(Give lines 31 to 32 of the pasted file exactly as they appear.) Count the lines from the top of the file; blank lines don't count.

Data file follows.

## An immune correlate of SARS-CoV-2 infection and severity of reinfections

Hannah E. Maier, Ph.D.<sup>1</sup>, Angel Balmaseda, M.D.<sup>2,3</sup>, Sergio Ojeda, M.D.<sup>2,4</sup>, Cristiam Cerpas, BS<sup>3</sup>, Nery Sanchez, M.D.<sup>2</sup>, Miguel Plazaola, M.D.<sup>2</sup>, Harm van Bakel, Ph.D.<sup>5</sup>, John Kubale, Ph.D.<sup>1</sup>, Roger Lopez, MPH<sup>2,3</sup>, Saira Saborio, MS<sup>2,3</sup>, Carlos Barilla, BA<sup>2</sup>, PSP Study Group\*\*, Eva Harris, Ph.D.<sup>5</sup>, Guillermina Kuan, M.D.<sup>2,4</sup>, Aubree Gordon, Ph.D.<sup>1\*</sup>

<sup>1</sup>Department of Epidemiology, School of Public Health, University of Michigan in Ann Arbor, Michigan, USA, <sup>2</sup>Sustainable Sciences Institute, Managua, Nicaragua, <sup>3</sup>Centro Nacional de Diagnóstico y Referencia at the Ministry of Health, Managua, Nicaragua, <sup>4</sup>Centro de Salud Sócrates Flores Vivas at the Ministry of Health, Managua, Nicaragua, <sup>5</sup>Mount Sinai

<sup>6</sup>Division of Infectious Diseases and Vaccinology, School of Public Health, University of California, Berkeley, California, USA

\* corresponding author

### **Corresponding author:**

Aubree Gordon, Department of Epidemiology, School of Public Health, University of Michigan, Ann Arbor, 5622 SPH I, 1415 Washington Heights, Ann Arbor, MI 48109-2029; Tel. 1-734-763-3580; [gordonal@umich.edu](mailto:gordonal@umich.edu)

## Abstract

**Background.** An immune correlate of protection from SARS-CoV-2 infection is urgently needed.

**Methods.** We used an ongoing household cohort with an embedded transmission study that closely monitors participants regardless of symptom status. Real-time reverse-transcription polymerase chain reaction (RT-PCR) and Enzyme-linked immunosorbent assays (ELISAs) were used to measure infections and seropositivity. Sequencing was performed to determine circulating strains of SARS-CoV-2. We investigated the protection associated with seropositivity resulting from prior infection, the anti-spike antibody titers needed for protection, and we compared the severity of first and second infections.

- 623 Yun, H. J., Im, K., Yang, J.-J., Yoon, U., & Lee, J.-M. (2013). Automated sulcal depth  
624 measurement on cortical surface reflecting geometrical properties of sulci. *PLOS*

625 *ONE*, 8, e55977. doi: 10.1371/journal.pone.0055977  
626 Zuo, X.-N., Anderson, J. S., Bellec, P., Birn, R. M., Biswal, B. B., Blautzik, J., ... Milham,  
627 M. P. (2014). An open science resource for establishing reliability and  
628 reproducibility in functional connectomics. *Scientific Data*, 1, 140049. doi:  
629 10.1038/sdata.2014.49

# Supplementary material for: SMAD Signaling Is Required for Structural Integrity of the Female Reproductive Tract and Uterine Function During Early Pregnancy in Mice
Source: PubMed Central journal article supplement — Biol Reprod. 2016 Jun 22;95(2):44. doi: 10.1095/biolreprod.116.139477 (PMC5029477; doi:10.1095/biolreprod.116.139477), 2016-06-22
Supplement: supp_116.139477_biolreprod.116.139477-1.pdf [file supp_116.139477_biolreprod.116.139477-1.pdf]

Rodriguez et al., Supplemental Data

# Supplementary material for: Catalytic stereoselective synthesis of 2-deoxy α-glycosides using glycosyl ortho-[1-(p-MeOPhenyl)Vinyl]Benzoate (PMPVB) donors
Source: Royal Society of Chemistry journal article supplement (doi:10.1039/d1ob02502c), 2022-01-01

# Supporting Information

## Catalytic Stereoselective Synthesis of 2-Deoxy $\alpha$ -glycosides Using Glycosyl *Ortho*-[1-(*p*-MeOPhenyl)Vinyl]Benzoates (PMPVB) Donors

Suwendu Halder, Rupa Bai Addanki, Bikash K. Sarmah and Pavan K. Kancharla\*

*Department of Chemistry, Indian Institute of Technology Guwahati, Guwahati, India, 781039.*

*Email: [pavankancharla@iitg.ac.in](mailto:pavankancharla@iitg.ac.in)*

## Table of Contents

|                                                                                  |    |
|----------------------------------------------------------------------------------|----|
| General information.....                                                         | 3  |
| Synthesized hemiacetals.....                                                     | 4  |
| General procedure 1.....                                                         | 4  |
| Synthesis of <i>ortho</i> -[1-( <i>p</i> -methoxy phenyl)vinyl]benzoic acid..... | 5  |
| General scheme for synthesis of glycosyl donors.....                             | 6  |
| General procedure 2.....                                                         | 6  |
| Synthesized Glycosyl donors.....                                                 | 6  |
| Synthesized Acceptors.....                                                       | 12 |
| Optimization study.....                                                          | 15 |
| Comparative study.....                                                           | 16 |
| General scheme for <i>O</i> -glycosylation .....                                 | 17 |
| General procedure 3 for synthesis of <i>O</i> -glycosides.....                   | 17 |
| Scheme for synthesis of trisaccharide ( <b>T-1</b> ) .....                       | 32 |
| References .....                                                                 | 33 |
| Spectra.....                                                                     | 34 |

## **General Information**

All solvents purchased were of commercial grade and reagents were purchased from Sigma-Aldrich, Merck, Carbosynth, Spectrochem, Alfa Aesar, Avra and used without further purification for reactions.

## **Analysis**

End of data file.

|----------------------------------------------------------------------------------|----|
| General information.....                                                         | 3  |